Things are still early though. My plan is to do something simple like a checkers game to test things out and see how it goes. It shouldn’t be too involved and it’ll give me a good opportunity to keep refining the engine design as it needs it. I’ve started logging my programming time too, so I can get a grip on a more disciplined programming schedule. So things are moving!

Thanks for reading!

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LD31 Postmortem

The game-making period for LD31 has drawn to a close. And the results?

Well, unfortunately, I didn’t quite make it. The major change in my development approach really slowed me down. Its disappointing for sure, as Ludum Dare really is something special when it comes to the community and the feedback afterwards.

Nonetheless, I was able to take a lot away from this Ludum Dare, and I don’t consider it a total failure by any means. Let’s break it down:

  • Base Code: Oh wow. Yes, have good base code. Now, in my defense, I’d spent a good week or so prior hashing through the basics of the entity-component system and making sure I could at least do simple things like get a graphic on screen, move it, and play sounds. But in the end, I was still firing way too much from the hip. Combine that with my relative lack of inexperience with OpenFL and it meant getting through even simple tasks could chew up time. Had I not had the base code I did have, I would have been sunk probably right out of the gate. So now I’m taking away a lot of ideas for what I can do to polish my WIP engine up and get ready for next time.
  • Paradigm Switch: Oh wow again. When you switch from object-oriented practices to more data-driven practices, it can be a bit jarring. Again, I got slowed down as simple tasks were no longer encapsulated in single objects but managed by multiple objects. Since I didn’t have much in the way of base code and I’m not supposed to use member functions as adamantly, it sometimes meant I was writing more code and the same code more than I wanted to. This will hopefully also be covered in my engine polish, so that I can still keep things neat without heavy encapsulation.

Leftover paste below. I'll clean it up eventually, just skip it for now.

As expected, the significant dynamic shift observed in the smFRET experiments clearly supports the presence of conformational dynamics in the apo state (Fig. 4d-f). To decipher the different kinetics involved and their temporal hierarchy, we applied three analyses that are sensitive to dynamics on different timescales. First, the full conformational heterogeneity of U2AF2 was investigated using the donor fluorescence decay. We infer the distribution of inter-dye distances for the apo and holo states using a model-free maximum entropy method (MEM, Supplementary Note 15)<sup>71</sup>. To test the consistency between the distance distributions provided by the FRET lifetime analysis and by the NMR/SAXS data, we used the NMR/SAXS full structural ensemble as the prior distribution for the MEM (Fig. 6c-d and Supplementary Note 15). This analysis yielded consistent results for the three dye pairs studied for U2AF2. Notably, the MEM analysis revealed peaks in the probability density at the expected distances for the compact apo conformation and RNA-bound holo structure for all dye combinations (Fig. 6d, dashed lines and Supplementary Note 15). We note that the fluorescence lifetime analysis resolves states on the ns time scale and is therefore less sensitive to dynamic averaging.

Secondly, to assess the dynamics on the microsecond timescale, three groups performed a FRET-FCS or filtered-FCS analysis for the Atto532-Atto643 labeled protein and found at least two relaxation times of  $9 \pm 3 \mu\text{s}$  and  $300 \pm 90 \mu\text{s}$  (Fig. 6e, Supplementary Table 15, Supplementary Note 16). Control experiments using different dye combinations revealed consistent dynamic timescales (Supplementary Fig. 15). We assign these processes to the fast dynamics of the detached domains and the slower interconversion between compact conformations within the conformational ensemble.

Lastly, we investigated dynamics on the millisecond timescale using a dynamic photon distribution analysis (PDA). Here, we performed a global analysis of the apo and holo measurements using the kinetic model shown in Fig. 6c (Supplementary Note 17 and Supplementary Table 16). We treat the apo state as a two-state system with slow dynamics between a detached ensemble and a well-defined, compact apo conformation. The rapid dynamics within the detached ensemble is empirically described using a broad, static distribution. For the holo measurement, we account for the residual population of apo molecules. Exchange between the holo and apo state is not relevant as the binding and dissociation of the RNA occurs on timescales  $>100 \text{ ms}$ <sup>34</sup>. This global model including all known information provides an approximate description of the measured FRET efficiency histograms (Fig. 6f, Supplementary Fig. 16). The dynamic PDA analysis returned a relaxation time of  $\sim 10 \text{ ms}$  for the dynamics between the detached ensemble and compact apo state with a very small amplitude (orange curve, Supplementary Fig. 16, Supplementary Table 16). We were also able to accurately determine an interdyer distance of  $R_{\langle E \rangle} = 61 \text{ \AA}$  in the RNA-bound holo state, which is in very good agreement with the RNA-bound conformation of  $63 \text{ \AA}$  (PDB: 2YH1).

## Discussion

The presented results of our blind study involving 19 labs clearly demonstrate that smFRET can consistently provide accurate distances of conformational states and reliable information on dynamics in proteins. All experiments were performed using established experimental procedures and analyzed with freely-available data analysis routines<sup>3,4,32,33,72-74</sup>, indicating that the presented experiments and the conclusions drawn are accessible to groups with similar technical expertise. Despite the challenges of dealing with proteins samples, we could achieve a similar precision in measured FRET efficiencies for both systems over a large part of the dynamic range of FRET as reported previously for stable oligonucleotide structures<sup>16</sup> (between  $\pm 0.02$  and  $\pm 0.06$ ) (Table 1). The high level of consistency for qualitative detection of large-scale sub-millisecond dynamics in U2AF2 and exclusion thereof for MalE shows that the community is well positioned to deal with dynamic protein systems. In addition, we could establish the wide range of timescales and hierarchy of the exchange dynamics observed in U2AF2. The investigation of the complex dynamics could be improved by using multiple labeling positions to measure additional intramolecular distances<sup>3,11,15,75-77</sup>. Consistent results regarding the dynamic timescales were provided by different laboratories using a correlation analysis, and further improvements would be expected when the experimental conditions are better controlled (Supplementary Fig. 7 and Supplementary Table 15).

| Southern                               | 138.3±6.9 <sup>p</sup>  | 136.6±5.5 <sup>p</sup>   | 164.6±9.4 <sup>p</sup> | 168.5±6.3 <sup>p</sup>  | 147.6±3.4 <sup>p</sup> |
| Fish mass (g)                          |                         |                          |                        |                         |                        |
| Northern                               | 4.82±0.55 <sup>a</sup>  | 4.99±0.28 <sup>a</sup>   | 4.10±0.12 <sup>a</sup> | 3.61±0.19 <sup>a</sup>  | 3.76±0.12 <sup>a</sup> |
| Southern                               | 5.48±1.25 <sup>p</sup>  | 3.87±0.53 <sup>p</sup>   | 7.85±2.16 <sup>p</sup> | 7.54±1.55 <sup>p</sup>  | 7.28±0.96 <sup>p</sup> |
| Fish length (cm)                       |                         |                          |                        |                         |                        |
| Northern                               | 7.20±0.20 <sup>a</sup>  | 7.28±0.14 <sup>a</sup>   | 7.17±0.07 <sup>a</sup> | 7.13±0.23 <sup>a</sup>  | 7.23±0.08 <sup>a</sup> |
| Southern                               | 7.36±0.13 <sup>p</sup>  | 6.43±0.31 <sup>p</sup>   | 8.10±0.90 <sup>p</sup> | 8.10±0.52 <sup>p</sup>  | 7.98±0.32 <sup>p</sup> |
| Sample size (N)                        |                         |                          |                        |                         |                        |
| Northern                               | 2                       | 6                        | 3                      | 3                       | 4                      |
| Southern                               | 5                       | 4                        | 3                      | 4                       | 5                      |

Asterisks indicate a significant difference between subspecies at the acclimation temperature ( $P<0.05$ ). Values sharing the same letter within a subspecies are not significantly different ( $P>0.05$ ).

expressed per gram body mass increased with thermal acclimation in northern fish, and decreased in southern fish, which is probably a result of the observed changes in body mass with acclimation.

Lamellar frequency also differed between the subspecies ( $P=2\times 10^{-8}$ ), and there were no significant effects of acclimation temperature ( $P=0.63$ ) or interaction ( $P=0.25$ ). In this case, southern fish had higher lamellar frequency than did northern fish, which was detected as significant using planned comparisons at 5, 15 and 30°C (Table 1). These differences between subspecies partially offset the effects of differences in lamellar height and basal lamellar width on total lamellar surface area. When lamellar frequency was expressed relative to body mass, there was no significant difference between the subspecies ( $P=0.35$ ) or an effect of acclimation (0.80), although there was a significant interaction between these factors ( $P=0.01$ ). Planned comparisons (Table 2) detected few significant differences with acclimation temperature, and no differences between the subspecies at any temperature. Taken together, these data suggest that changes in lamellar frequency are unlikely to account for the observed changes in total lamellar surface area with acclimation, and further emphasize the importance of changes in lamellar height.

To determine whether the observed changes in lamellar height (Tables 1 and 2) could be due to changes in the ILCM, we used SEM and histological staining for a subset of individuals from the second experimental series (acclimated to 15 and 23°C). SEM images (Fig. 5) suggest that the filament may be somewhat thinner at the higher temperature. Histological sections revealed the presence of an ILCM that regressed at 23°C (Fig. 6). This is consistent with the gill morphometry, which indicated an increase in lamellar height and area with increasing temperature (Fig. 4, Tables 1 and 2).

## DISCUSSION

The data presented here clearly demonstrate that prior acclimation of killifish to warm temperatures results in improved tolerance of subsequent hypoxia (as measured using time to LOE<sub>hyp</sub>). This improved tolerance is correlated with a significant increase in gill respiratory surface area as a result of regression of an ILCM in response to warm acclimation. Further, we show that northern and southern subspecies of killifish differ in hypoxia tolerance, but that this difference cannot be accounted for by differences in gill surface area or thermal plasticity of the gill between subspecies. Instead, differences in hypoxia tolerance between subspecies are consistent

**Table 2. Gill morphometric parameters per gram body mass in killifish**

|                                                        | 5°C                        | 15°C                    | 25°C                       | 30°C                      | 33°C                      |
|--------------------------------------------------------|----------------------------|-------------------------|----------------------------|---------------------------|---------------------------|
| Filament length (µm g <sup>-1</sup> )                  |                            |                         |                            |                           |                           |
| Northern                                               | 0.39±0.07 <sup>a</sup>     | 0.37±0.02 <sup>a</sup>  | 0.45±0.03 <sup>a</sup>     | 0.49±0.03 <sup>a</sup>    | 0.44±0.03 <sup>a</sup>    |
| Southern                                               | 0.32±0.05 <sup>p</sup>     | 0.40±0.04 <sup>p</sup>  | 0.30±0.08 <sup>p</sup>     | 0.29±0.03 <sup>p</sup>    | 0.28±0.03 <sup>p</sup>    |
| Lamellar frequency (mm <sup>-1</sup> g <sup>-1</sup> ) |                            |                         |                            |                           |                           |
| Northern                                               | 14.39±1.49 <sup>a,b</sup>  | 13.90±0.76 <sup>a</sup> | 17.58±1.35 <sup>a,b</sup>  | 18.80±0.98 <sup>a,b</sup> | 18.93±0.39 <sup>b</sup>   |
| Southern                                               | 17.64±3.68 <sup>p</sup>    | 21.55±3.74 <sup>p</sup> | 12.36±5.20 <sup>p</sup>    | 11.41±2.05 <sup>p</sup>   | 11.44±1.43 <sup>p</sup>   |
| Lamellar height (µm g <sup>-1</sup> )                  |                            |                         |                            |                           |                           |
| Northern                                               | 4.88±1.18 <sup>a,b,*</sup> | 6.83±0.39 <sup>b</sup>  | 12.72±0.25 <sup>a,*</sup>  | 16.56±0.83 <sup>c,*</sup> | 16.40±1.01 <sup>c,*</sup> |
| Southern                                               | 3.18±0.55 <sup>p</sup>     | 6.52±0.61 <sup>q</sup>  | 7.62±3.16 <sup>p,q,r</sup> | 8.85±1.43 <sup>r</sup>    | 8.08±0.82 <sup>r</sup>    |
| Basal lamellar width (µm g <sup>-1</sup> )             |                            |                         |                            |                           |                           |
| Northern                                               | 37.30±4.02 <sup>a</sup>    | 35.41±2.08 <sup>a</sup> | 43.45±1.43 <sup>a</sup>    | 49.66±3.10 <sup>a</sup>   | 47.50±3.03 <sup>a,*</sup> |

• Momentum: I did have other things going on over the weekend. But this combined with basic functionality taking longer-than-ideal times meant building any sustainable momentum was tough even when working over longer spans. It meant breaks became more appealing and I ended up having trouble garnering motivation. So for the sake of momentum, taking even more time to wrap my head around the other two things above is crucial.
  • Experiencing Something New: I used to think people were mildly crazy when they would say things like “I’m going to try learning a new engine/language over Ludum Dare.” O_o. And guess what? I’m not convinced that its NOT crazy to some degree. But if anything, it exposes you to new ideas and ways of doing things. Being able to walk away with a little more experience and familiarity with my new toys and use it to get stronger is so big. So I get the appeal now. Be crazy people. Try something new. Just be prepared for increased mayhem over the weekend!

So there’s my LD31 experience in a nutshell. Hopefully you found it helpful for yourself in some way. Thanks for reading, and hopefully we’ll be right back at it for LD32!

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LD31 Update

Been over a day now since things kicked off so I think its appropriate I give an update.